Frank is old, lives alone, and has become forgetful. I can’t remember if they mentioned Alzheimer’s or just called it dementia, as I am not too far behind Frank. They use this health issue as a reason to bring in the Robot. From there, it becomes a buddy movie, and I have to admit the Robot does steal some scenes, or maybe there are scenes where the Robot actually steals.  Frank’s only other friend in the movie, aside from his two annoying grown kids, is Jennifer, played by the always-delightful Susan Sarandon (Dead Man Walking).  She works at the library with her fat robot friend. A relationship with Robot and fat library robot never gets going, which may be a problem with the script or something to do with an incompatible input port. In fact, there are a number of plot lines in this movie that are not well developed.  The whole robot-caretaker thing is just around the corner and the dynamics of that can be fascinating.

There was so much talent in this movie and most of them were given a simple one-dimensional character program. Perhaps if some of these characters or subplots were further explored I would be more amped up.  Unfortunately, they only scratched the cyber surface in this movie, but I did not fall asleep watching it and that skinny car was cool.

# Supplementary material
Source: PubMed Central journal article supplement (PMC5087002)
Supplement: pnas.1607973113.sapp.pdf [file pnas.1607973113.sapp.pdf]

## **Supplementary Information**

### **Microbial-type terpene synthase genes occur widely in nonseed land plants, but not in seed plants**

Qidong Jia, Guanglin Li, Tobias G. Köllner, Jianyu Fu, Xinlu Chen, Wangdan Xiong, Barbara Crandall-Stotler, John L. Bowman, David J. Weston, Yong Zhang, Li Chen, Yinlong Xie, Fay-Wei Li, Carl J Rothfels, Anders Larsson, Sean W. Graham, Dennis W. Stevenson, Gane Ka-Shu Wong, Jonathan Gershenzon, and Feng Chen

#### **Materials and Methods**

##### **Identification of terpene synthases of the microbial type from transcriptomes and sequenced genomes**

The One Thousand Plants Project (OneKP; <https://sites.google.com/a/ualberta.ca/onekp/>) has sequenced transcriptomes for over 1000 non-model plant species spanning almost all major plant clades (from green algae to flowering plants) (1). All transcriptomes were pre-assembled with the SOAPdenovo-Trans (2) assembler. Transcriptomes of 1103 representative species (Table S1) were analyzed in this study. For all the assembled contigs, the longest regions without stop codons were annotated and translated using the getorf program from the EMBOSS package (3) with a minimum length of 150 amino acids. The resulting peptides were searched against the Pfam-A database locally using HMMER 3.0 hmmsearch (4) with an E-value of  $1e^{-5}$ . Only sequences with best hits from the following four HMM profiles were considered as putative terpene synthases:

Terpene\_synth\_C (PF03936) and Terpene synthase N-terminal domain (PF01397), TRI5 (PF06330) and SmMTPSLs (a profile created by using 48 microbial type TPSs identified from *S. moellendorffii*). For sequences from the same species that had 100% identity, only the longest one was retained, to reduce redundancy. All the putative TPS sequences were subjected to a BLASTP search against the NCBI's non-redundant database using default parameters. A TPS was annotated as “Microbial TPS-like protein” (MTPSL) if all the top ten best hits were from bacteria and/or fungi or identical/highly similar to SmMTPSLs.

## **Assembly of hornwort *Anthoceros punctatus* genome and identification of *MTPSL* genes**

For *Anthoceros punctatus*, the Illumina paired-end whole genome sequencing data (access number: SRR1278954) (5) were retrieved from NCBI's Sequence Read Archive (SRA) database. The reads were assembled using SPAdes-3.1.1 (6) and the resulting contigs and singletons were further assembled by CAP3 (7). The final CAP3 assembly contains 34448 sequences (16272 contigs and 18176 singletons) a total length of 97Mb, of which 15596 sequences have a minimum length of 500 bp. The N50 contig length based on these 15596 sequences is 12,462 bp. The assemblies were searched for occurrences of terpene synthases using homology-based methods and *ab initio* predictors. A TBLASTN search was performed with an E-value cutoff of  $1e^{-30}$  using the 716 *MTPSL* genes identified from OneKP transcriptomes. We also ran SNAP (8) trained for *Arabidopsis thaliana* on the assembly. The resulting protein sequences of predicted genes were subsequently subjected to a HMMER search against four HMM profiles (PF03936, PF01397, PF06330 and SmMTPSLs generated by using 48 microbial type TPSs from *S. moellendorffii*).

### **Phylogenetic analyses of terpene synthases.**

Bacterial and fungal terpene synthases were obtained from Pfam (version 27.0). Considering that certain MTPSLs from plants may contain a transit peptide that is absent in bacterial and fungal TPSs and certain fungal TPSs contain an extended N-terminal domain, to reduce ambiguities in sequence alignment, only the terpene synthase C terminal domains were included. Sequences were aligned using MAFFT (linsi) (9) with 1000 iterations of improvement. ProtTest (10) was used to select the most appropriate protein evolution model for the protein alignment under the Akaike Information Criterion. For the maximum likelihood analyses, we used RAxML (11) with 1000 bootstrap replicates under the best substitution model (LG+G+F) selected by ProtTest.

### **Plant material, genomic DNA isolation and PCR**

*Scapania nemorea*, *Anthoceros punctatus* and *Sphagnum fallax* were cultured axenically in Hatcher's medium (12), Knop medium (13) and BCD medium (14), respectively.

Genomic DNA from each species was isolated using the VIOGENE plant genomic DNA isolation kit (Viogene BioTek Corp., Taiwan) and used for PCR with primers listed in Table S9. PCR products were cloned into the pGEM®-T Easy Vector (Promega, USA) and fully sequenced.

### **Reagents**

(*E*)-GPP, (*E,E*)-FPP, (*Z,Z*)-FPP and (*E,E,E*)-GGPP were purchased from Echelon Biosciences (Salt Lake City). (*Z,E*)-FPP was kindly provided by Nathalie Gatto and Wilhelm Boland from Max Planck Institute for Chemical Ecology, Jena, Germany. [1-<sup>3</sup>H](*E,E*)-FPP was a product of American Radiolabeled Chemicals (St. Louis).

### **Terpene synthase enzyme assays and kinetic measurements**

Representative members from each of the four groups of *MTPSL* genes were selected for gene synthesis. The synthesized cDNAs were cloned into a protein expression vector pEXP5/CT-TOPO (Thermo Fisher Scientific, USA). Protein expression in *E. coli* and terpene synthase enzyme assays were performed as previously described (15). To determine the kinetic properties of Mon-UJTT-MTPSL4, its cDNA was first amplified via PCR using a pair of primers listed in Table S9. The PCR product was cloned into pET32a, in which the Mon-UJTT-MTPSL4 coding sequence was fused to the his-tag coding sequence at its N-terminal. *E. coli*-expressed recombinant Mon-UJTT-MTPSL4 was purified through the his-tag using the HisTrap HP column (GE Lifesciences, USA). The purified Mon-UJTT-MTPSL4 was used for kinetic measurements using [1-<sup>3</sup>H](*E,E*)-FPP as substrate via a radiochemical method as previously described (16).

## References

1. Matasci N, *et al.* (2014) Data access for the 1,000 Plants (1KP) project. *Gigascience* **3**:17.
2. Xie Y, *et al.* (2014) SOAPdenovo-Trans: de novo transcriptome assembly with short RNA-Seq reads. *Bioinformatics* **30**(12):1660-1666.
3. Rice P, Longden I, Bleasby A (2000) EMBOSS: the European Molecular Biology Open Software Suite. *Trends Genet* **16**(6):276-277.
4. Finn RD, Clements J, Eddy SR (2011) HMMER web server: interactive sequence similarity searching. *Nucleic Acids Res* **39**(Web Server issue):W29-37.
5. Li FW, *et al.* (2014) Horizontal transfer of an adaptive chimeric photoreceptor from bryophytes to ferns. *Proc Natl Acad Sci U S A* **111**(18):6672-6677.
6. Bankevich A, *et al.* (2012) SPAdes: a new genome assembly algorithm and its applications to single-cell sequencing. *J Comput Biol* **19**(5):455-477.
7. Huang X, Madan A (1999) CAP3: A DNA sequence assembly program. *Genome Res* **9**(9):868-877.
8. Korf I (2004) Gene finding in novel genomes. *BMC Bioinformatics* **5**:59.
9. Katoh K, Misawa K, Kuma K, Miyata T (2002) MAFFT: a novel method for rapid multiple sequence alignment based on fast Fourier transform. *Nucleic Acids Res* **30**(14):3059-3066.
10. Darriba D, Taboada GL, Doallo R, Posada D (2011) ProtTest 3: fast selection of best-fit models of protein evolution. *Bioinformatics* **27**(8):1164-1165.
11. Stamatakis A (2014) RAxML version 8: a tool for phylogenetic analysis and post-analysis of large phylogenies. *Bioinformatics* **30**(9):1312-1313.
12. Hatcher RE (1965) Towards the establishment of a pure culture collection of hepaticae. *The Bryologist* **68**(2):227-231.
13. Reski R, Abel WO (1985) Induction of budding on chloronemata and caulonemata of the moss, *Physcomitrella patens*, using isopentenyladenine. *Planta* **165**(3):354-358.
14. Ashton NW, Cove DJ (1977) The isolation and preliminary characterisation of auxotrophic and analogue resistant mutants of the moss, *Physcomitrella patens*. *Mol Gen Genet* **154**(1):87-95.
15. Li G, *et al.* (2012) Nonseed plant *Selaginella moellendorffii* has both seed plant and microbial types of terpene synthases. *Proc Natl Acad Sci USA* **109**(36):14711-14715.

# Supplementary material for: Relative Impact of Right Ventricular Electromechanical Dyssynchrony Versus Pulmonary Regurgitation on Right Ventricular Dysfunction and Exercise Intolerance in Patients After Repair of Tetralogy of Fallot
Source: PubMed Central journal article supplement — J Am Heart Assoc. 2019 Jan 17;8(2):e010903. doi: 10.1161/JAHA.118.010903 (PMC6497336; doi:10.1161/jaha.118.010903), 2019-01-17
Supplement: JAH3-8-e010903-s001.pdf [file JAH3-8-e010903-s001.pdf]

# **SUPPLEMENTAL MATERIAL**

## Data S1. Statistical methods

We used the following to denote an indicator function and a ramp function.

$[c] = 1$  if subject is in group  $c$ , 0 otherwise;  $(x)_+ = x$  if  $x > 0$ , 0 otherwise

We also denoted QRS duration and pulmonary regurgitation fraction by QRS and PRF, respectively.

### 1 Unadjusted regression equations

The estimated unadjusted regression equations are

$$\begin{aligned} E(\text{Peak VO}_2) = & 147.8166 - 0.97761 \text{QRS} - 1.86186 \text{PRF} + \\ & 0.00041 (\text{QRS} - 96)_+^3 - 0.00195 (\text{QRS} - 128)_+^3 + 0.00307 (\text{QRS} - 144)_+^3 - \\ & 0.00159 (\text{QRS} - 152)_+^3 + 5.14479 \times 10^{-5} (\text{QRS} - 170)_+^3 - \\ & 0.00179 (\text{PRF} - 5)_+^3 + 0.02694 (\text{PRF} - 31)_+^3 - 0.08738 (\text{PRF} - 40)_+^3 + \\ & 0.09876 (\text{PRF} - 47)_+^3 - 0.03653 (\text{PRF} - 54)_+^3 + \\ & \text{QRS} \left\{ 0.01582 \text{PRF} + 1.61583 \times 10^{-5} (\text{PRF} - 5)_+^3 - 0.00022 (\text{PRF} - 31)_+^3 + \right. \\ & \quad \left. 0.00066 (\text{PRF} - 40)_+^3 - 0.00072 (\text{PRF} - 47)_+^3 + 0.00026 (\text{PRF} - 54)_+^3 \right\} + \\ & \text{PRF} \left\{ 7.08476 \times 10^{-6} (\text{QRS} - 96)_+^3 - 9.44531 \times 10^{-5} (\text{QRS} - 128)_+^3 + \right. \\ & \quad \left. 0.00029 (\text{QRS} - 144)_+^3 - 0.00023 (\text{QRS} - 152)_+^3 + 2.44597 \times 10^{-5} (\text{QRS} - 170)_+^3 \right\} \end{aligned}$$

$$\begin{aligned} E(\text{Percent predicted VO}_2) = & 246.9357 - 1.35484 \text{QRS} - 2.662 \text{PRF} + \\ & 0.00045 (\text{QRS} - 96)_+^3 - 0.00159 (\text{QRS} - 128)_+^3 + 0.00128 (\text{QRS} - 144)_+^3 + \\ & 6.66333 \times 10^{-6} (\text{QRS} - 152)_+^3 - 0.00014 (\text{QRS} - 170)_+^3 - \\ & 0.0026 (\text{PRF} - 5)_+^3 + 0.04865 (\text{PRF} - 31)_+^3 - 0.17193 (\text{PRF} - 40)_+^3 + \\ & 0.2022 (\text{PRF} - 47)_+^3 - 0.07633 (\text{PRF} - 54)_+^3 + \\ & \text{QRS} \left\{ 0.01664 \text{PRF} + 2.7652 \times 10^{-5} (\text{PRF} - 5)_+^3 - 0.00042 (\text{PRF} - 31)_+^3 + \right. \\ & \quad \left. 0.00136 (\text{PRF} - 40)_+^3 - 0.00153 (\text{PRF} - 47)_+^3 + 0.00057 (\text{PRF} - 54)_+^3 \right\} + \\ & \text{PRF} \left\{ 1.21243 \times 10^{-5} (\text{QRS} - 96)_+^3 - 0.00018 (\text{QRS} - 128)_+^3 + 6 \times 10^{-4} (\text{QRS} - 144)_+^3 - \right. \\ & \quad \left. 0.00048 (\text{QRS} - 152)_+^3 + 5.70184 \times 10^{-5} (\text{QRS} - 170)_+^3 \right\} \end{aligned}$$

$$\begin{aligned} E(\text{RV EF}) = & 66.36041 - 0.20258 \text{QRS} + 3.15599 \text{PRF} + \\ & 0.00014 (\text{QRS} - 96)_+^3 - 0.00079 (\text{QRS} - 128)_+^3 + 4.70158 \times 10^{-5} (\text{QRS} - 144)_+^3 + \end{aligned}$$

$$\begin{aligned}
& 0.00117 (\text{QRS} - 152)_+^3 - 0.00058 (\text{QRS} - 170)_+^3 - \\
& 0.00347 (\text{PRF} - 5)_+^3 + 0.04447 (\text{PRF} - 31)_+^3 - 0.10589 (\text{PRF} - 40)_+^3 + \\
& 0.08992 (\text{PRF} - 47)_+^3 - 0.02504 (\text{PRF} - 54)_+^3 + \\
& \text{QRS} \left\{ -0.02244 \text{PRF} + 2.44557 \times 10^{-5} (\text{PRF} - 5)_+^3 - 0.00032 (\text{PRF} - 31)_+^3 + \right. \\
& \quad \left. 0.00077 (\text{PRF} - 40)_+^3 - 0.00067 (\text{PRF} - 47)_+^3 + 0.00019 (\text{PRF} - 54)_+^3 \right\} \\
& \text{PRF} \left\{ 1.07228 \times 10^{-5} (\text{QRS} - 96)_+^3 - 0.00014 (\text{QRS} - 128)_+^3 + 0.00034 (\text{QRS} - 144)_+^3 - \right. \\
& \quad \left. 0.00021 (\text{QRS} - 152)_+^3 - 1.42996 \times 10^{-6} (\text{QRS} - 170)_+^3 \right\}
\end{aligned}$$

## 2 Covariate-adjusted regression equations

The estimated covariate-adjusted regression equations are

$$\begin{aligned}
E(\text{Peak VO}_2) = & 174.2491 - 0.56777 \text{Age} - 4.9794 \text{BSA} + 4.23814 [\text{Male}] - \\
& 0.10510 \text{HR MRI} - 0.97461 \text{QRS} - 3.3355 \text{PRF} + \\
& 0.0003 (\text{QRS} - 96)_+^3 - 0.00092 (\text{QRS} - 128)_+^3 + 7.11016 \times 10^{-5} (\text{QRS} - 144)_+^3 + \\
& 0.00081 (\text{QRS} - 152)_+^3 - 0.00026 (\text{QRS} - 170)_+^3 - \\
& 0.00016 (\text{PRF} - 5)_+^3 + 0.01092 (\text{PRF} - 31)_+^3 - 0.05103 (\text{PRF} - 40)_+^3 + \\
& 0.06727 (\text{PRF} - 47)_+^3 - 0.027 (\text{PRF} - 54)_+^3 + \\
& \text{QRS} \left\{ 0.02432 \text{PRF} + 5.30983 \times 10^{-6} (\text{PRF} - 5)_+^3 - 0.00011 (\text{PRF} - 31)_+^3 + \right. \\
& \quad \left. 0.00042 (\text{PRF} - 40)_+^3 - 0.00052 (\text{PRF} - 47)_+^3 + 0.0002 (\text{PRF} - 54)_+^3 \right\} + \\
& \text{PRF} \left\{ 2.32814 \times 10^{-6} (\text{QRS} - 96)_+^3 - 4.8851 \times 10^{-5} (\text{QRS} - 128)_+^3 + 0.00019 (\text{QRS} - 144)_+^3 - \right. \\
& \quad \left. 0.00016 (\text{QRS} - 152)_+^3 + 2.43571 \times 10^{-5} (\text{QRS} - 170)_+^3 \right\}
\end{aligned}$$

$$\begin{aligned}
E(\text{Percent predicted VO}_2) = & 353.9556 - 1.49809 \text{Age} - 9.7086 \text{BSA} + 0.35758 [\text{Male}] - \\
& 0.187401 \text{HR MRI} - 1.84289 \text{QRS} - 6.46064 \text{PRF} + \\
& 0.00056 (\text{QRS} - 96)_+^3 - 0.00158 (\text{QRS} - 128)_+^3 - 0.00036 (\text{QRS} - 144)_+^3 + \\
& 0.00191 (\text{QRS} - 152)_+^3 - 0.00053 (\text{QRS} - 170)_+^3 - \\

This is the first real feature for screenwriter Christopher D. Ford and director Jake Schreier, so I am thinking they may have suffered from lack of confidence and/or control. They have skills, and I will look for their next project.  I give this movie 2 ½ stars and only hope C3PO does not see it, as it would certainly send him back into a downward spiral of booze and Asian porn algorithms.


In New On DVD on January 24, 2013 at 12:34 am


I finally saw Looper.  I thought that I had seen it before in a past life, like when Bruce Willis was looking for Twelve Monkeys and ran into his younger self, but this movie was Brad Pitt-less.  Anyways, I am a sucker for time travel movies.

So there are these people called “Loopers” – and no Bill Murray,  they are not golfers.  These Loopers are bad people who do bad things for 30 years, and then they are bagged up and sent into the past to be disposed of.  There are a bunch of these folks, and for some reason they send the old Bruce Willis back to be killed by young Bruce Willis, who, with lots of makeup looks just like that guy from Third Rock from the Sun (Joseph Gordon-Levitt).  And then a whole bunch of stuff happens and they try to fix things in the past so the future will be nice and less loopy.

They do a nice job in keeping the technical side of time travel a mystery, and that’s a good thing since Jeff Daniels is in this movie and he played Dumber in “Dumb and Dumber”.  They also do a decent job in showing that time travel can be good, especially when you can kill bad people who do bad things like time travel.  There is a paradox there somewhere.  I give this movie 3 stars out of five as I think the movie worked, and is a decent watch, but it will not change your life, unless somehow in the future…